Earth, Sleep, Sagan, Food, Space

I Dream of Canteens

Rebecca May Johnson | Dinner Document | 30th April 2019

Perfection in small things. An IKEA cafeteria is civilisation done right. "There is a space for everyone; chairs and tables and cleaned toilets. There is time for everyone. No one is asked to leave and no one worries about out-staying their welcome. There are no laminated signs about eating food bought elsewhere. In the fine Western tradition of hospitality, dating back to Homer’s epics, no one who is hosted here will be asked to leave, and everyone will be fed and watered and allowed to wash without question" (2,250 words)


My Parents Are Flat-Earthers

James Fisher | 20th January 2019

“What’s the point of being a conspiracy theorist? An under-acknowledged reason is that it’s fun! You get to do research. You get to conduct experiments. You get to participate in a global club. You get to surprise people with new ideas, challenging the person next to you on the plane to find the curvature of the horizon. And it’s fun for me, too. At your family dinners, instead of banal chat about holidays and food, wouldn’t you prefer interesting conversations about evolution and astronomy?” (1,190 words)


Perchance To Dream

David Schwartz | Reverse Shot | 10th April 2019

Notes on watching Andy Warhol’s 1964 film, Sleep, the entirety of which depicts a man sleeping for more than five hours. "Reel four of the film consists of one shot repeated twenty times over forty minutes, while reel five has 133 splices, with shots ranging from one to twenty feet. There is no discernible chronology; the film is an assemblage of shots spliced together. Hours three and four are pretty boring. Few films make you this aware of your surroundings, and of how you are deciding to spend your time” (1,430 words)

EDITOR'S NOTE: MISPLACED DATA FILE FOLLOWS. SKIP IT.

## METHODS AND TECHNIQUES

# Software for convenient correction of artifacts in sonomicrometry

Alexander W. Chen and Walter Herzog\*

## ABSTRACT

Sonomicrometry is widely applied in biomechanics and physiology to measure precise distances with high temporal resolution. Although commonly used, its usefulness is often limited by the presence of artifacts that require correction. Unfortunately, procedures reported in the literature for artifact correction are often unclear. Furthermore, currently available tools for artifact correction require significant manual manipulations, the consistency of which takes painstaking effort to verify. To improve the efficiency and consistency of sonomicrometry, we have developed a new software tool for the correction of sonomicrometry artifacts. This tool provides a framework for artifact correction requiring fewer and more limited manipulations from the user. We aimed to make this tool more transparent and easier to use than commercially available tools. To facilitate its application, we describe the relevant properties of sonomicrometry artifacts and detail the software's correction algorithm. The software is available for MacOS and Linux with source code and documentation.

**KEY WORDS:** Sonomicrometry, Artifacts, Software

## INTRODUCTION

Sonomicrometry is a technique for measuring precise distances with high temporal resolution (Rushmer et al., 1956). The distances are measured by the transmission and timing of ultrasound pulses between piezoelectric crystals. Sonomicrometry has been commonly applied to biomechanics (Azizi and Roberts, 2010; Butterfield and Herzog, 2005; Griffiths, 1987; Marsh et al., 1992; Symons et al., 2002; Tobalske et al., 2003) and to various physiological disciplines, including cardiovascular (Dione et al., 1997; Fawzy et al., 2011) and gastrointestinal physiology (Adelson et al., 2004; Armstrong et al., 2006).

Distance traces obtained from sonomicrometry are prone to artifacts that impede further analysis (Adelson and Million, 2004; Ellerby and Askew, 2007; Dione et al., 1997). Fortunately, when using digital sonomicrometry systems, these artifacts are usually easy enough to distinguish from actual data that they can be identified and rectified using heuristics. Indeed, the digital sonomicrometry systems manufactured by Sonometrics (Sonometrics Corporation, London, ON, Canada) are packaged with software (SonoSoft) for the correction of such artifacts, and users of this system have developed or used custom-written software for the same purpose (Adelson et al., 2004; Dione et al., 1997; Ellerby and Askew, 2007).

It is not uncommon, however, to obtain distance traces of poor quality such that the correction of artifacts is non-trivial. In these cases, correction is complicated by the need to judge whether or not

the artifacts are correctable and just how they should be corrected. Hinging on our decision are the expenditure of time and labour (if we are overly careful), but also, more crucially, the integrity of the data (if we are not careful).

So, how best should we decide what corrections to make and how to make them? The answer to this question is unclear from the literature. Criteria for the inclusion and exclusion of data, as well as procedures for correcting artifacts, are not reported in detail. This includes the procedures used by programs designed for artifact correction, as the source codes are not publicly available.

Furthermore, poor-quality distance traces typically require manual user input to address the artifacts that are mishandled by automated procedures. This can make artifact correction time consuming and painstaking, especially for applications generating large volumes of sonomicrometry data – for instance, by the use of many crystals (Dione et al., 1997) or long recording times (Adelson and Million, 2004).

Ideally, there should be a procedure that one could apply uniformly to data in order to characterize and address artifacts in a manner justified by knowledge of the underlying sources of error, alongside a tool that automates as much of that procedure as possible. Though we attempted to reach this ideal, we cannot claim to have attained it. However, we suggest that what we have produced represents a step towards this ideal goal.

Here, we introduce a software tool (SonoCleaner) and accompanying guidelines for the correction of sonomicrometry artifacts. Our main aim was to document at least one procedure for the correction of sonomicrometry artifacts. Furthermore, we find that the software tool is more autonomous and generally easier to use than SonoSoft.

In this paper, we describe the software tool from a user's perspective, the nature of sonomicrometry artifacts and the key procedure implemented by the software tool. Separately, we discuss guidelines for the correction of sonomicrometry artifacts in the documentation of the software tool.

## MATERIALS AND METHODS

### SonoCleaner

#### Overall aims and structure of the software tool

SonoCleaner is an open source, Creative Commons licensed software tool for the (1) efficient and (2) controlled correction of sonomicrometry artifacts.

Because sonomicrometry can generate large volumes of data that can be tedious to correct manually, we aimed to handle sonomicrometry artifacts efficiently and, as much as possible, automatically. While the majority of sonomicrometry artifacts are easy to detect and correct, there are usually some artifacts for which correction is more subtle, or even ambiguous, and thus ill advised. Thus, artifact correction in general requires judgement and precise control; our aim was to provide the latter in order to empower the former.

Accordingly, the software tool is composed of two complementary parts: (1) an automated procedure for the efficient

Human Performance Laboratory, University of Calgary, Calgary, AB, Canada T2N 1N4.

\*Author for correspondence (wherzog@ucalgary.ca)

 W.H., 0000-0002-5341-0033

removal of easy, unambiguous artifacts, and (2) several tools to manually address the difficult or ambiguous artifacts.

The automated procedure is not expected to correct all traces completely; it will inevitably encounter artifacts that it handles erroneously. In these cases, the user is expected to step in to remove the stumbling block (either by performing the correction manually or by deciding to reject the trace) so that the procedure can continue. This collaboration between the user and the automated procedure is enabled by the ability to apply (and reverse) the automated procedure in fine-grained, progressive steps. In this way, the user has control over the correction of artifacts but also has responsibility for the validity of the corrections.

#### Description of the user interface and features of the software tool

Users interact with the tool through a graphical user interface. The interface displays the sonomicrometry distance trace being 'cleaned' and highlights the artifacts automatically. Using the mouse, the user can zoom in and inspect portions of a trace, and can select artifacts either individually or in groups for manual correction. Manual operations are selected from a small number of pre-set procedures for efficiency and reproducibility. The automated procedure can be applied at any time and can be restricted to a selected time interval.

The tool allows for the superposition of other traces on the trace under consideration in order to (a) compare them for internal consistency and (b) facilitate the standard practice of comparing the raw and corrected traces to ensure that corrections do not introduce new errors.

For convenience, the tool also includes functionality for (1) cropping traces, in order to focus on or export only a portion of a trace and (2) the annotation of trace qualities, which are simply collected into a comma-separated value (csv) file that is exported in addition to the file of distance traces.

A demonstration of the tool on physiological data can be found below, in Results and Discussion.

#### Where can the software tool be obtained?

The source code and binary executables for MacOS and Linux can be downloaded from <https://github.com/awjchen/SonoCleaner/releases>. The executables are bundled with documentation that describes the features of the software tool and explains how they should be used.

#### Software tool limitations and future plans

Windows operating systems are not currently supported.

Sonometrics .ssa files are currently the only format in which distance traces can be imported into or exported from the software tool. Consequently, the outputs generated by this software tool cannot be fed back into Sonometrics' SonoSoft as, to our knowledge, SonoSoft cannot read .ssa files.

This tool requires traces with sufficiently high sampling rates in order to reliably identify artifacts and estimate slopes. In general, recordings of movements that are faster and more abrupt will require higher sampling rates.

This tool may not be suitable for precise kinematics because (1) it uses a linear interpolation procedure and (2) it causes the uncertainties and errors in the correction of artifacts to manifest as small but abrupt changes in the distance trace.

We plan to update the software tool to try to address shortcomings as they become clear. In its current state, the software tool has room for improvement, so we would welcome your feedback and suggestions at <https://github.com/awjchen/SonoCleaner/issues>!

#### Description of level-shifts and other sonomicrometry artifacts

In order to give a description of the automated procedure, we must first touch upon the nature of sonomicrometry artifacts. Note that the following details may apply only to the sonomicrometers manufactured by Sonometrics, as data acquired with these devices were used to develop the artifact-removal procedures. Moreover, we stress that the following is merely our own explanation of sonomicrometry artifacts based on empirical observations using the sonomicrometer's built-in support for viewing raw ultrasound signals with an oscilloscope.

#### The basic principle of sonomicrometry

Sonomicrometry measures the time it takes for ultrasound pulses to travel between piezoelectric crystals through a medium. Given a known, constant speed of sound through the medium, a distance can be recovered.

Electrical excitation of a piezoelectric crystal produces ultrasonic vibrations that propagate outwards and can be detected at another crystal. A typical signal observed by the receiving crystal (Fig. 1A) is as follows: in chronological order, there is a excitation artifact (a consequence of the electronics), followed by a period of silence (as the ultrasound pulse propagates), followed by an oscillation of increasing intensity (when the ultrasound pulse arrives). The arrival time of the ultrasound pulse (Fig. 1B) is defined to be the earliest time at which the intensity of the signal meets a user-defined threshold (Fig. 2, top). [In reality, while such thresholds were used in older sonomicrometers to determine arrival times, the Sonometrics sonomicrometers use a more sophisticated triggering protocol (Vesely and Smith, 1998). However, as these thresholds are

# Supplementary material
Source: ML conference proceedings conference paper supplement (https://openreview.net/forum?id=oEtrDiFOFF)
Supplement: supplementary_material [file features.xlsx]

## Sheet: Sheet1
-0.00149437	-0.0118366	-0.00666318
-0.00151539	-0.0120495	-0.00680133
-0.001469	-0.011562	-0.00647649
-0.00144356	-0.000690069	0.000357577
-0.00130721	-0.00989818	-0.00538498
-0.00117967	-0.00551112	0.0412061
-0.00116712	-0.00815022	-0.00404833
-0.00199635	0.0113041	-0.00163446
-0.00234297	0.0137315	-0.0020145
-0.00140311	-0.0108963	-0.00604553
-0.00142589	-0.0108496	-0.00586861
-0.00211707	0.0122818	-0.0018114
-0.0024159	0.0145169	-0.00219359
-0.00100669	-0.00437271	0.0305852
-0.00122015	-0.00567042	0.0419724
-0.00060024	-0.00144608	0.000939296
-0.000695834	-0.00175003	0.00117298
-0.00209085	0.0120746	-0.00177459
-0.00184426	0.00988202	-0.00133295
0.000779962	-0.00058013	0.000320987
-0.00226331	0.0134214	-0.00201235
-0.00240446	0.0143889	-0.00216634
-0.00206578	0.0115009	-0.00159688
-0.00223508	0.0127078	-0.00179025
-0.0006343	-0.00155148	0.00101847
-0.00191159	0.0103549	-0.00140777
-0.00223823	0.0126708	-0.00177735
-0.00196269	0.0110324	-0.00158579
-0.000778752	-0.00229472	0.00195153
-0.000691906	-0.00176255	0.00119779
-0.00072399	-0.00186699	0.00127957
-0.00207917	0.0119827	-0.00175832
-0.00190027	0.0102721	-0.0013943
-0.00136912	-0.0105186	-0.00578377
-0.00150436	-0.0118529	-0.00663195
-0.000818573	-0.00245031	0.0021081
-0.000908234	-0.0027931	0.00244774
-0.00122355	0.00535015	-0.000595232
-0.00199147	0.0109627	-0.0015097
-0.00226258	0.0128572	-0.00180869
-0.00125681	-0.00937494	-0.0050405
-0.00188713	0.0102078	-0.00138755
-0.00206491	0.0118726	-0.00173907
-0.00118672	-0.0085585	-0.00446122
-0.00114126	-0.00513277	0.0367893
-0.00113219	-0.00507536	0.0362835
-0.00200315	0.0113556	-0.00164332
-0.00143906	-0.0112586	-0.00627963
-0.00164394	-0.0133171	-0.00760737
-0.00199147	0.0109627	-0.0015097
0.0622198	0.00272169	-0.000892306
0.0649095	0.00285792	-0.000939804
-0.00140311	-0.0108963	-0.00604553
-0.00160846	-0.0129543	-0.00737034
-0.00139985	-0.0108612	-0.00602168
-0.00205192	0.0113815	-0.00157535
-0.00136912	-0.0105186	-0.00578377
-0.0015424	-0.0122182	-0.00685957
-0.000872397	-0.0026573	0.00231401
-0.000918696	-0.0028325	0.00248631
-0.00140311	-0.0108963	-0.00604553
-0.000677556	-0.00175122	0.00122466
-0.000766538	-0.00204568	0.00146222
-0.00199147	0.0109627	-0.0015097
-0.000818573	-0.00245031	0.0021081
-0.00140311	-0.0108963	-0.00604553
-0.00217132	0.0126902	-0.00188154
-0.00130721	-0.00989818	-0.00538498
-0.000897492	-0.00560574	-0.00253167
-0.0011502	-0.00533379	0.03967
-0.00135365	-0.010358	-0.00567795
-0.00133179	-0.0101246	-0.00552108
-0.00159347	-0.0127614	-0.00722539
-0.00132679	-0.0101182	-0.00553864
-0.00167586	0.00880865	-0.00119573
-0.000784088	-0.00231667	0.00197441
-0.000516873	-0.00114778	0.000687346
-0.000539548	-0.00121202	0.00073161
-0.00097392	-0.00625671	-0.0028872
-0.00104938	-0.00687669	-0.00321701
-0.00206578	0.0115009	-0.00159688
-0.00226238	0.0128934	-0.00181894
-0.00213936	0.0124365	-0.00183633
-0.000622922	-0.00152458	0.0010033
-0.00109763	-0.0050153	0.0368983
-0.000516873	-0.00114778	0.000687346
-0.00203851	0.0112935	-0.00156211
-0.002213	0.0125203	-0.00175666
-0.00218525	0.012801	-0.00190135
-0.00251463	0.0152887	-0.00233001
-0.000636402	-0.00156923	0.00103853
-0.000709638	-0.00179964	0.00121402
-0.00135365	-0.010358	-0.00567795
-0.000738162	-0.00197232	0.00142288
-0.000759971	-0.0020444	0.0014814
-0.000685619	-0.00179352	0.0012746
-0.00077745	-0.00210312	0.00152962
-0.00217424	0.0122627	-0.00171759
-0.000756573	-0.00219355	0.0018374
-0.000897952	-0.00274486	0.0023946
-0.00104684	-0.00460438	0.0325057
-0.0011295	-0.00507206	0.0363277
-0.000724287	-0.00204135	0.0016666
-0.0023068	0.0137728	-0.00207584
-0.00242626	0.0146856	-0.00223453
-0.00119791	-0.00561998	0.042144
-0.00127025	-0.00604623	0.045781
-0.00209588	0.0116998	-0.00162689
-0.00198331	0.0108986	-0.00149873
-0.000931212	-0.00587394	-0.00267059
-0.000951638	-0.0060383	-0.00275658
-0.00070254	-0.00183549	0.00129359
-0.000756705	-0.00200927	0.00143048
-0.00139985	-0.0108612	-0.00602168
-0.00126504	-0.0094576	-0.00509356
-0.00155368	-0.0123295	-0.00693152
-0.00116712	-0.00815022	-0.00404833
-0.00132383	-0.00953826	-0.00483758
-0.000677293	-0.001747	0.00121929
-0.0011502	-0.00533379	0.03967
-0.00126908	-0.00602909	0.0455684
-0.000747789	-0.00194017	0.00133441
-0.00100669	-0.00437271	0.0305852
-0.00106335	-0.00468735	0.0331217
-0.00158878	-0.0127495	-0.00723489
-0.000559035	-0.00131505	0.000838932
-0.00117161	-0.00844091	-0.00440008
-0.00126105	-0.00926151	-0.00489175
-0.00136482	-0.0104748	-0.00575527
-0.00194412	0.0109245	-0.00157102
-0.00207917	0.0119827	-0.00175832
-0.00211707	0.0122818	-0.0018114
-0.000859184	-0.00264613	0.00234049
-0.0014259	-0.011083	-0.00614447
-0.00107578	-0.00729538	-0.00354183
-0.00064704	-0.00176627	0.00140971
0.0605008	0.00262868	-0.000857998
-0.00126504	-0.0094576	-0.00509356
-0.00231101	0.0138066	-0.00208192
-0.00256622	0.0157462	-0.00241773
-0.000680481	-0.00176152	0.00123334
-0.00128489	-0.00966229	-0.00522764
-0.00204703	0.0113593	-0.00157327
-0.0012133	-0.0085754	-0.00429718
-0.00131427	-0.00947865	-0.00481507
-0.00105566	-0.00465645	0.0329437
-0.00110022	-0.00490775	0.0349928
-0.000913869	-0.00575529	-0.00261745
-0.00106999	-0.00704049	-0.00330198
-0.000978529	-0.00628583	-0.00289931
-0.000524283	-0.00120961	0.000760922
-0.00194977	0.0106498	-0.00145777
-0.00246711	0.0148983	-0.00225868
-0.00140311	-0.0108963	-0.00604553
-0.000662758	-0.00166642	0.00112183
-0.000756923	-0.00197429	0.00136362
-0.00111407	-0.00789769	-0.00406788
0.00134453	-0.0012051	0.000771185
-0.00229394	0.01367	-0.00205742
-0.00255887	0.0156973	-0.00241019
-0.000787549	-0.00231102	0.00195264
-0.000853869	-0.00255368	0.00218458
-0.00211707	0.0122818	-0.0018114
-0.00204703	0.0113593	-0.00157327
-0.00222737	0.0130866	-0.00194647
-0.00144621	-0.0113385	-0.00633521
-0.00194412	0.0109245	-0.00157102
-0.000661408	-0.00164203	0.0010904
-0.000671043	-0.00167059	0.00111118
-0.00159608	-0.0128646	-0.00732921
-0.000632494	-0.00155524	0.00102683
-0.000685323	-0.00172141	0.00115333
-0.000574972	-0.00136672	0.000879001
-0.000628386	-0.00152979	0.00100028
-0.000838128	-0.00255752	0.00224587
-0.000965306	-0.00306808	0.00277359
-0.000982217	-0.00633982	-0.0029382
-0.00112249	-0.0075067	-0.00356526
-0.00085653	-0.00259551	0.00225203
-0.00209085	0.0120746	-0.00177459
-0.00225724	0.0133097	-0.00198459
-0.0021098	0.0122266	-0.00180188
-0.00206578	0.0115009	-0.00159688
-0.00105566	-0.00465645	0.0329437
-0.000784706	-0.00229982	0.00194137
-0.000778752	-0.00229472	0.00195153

Françoise Sagan, The Art of Fiction

Blair Fuller & Robert Silvers | Paris Review | 1st August 1956

The authors’ patronising tone grates on the ear, but Sagan soars above it. “Art must take reality by surprise. It takes those moments which are, for us, a moment, plus a moment, plus another moment, and transforms them into a special series of moments held together by a major emotion. It is possible to achieve in a novel a certain sensory truth; that is all. The illusion of art is to make one believe that great literature is very close to life, but exactly the opposite is true. Life is amorphous, literature is formal” (2,100 words)


Spaced Repetition

Gwern Branwen | 7th April 2019

Notes on more efficient memorisation using spaced repetition, a “centuries-old observation in cognitive psychology” that achieves results “much better than conventional student techniques”.  Spaced repetition is, in effect, the opposite of cramming. You review a subject briefly and repeatedly over time. Unlike cramming, spacing “scales to huge quantities of information”. Cramming “wins in the short term”, but “unexercised memories decay so fast that, after not too long, spacing is much superior” (21,080 words)


Video: Zen Koans. Medieval Buddhist monks formulated paradoxical and mystical propositions, or koans, in order to show that any search for deep meaning in life was ultimately futile (4m 57s)

Audio: Emily Oster On Parenthood | Ezra Klein Show. Much of what we think we know about pregnancy and parenthood isn’t based on good evidence. Sometimes it’s not based on any evidence at all (55m 32s)

Afterthought:
”Language is a machine for making falsehoods”
— Iris Murdoch